Lt. Gov. John Fetterman speaks at annual NSCDF luncheon
Photo: Fetterman speaking at the Hyundai Club of PNC Park by HongChing Cheung
Fetterman detailed the difficulties that state convicts face in obtaining clemency.
By Amanda Andrews
Photos by HongChing Cheung
The Northside Community Development Fund (NSCDF) held its annual Community and Business Luncheon on Nov. 13 at the Hyundai Club of PNC Park. Lieutenant Governor John Fetterman was the keynote speaker.
Fetterman is a Democrat working alongside fellow Democratic Governor Tom Wolf. Fetterman is known for pushing progressive policies, such as the topic he chose for the luncheon: the difficulties state convicts face in obtaining clemency.
The clemency process involves pardons and commutations. Pardons and commutations grant convicts an opportunity to clear part or all of their record, depending on which kind of clemency they receive. A pardon is often the desired option for those who have been convicted because it makes it possible to have a criminal record expunged. A commutation means that a person’s sentence can be partially or completely reduced but it leaves no possibility for it to be taken off of someone’s record.
Many employers will require that hirees list if they have been convicted of a felony. This is part of why Fetterman is so passionate about reforming the process to prevent “perpetual punishment.”
“…It’s critical to allow people the opportunity for that second chance to be a better parent, to be a better businessperson, to be able to serve their community as a public elected official, to be on your kid’s PTA, whatever it is,” said Fetterman in his speech.
The Lieutenant Governor mentioned that he has employed two people who were both once condemned to life in prison, then pardoned by the system. Fetterman claimed that under his leadership and Wolf’s, the time for processing pardons went down from an average of 14 years to around two. He said that they would continue to work on reducing that average for convicts seeking clemency.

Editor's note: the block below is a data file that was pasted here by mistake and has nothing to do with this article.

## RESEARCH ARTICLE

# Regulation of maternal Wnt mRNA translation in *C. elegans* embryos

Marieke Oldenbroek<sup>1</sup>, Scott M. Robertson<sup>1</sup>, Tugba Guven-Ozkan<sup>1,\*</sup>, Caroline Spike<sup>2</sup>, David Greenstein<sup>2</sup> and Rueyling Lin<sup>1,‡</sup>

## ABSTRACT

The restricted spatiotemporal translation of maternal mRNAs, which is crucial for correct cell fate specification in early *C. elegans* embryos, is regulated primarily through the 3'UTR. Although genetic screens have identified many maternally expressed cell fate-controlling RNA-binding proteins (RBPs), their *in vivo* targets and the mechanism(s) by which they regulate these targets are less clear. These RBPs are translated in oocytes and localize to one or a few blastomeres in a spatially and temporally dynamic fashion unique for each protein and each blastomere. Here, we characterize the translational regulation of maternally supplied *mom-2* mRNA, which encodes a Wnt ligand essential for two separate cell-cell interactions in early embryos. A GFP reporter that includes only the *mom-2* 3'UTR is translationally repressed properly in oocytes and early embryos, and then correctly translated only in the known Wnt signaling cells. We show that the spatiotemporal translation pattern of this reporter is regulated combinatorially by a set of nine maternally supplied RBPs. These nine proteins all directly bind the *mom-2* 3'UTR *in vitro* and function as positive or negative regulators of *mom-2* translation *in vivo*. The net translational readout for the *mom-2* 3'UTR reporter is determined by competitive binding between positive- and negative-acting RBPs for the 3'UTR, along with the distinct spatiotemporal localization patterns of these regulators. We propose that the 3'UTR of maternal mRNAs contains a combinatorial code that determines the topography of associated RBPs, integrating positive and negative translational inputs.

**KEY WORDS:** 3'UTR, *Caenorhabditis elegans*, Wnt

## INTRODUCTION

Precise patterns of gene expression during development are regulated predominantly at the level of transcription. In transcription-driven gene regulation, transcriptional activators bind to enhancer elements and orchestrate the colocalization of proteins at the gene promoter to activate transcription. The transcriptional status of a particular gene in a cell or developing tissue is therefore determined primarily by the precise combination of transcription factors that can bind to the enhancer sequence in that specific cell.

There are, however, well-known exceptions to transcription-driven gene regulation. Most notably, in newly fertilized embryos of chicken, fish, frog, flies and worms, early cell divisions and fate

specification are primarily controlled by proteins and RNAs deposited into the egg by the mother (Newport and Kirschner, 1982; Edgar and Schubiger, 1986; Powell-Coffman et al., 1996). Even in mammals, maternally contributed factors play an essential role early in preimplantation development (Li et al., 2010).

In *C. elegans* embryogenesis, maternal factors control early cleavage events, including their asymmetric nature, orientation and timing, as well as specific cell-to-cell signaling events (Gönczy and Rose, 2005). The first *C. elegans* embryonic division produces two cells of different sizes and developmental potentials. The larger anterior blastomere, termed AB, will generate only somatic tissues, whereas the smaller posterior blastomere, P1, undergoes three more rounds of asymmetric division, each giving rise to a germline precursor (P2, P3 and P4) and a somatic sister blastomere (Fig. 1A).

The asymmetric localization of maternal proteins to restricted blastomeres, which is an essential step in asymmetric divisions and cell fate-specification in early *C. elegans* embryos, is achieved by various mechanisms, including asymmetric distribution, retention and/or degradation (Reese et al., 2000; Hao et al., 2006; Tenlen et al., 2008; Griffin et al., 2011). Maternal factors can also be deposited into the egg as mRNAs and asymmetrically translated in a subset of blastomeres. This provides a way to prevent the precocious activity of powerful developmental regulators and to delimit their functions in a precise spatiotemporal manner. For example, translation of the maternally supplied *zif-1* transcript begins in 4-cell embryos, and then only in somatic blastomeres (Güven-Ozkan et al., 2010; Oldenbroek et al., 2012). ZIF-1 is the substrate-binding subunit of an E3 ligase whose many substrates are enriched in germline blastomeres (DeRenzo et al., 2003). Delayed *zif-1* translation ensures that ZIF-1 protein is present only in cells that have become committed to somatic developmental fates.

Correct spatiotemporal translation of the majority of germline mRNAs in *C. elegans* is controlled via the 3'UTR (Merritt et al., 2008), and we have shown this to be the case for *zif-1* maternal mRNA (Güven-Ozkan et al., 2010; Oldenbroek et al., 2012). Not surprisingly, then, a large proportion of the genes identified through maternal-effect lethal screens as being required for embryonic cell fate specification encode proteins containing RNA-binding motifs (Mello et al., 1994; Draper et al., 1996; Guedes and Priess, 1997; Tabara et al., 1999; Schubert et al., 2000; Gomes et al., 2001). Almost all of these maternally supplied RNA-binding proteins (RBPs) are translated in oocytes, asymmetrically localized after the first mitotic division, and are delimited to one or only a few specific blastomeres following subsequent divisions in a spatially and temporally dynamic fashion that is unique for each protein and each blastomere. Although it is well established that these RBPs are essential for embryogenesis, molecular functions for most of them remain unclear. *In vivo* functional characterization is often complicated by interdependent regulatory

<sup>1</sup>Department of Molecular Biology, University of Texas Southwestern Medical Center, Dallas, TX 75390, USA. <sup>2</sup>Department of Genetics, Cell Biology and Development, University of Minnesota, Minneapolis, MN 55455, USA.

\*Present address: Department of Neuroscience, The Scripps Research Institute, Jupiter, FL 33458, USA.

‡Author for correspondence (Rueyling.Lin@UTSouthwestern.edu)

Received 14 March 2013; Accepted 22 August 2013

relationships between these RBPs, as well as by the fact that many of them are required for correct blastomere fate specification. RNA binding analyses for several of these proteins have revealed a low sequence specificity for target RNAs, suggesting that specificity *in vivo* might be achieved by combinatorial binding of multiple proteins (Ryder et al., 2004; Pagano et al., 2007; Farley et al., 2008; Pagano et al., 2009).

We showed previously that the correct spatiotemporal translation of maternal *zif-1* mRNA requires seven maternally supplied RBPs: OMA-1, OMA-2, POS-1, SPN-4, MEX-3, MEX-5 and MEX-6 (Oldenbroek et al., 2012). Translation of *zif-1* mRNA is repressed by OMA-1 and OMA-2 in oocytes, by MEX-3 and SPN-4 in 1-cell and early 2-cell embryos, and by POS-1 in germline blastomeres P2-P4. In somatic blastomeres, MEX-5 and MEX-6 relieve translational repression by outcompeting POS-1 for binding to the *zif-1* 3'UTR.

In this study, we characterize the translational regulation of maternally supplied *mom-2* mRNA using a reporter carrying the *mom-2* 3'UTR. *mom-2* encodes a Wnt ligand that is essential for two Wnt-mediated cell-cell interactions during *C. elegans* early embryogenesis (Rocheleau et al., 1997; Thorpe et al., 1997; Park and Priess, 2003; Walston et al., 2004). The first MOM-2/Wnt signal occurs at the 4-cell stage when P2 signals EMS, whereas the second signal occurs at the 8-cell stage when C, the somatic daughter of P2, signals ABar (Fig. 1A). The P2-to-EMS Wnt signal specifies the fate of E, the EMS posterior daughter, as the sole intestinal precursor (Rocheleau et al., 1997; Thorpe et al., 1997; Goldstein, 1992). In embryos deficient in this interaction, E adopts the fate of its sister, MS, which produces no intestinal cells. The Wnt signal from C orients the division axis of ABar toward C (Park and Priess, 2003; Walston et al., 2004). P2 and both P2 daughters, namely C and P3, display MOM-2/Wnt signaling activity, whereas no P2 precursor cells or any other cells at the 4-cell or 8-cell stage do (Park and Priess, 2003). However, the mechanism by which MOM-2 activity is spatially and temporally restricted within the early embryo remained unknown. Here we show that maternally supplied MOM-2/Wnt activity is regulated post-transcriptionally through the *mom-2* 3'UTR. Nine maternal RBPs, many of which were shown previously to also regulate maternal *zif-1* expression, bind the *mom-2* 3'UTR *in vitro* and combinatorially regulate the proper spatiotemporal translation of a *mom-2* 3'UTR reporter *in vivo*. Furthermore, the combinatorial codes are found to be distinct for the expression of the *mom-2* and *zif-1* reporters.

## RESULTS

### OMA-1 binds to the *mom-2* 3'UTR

Fetterman spoke for about 20 minutes about the depth of Pennsylvania’s clemency obstacles. He said that the state was second only to Florida in how many people die while in prison. He went on to say that the system has stagnated for 40 years and was exacerbated when Pennsylvania’s Board of Pardons pardoned Reginald McFadden, a convict charged with murder, in 1994.
McFadden, upon his release from prison, proceeded to murder two people and rape a woman. The state legislature then decided that the vote to commute a life sentence must be unanimous. The board of people who decide on commutations in Pennsylvania include Fetterman, Attorney General Josh Shapiro, Corrections Expert Harris Gubernick, psychiatrist Dr. John P. Williams, and Victim Representative Marsha H. Grayson, Esquire.
Fetterman pointed out the irony that it takes a two-thirds vote to change the Constitution and yet all must agree upon commuting a person’s sentence.
“The criminal justice system is horrifically arbitrary in many cases,” said Fetterman in an interview with The Northside Chronicle.
However, Fetterman is confident with the efforts he has made so far to gain support from Republicans, who control both the state House of Representatives and the Senate.
“It’s been encouraging. And this idea that you’re going to convert every heart is not—that’s not the goal. But the goal is to move the perception on what criminal justice reform can be,” said Fetterman. “Because the reality is, in the era of divided government, and that’s what we have for the foreseeable future in Pennsylvania, you have to have a collaborative effort between Republicans and Democrats.”
When asked about criminal reform in regards to the perception of high crime in the Northside, Fetterman “gently push[ed]” back on that idea.
“I’ve spent plenty of time in the Northside, and I think it’s one of the jewel neighborhoods of Pittsburgh,” said Fetterman. “And I don’t see it as riddled with crime, I see it as an amazing community.”
Following Fetterman’s speech, NSCDF Executive Director Mark Masterson accepted checks from partners of the NSCDF and praised their generous financial support. He acknowledged the hard work of the small businesses that have received financing from NSCDF, mentioning Cafe on the Corner, Bier’s Pub, Young Brothers Bar, and Penn Brewery. Other small businesses that were supported by NSCDF and spotlighted at the event were Elliance, Fabled Table, M&A Tax, Observatory Hill Deli and Pittsburgh Acupuncture & Massageworks.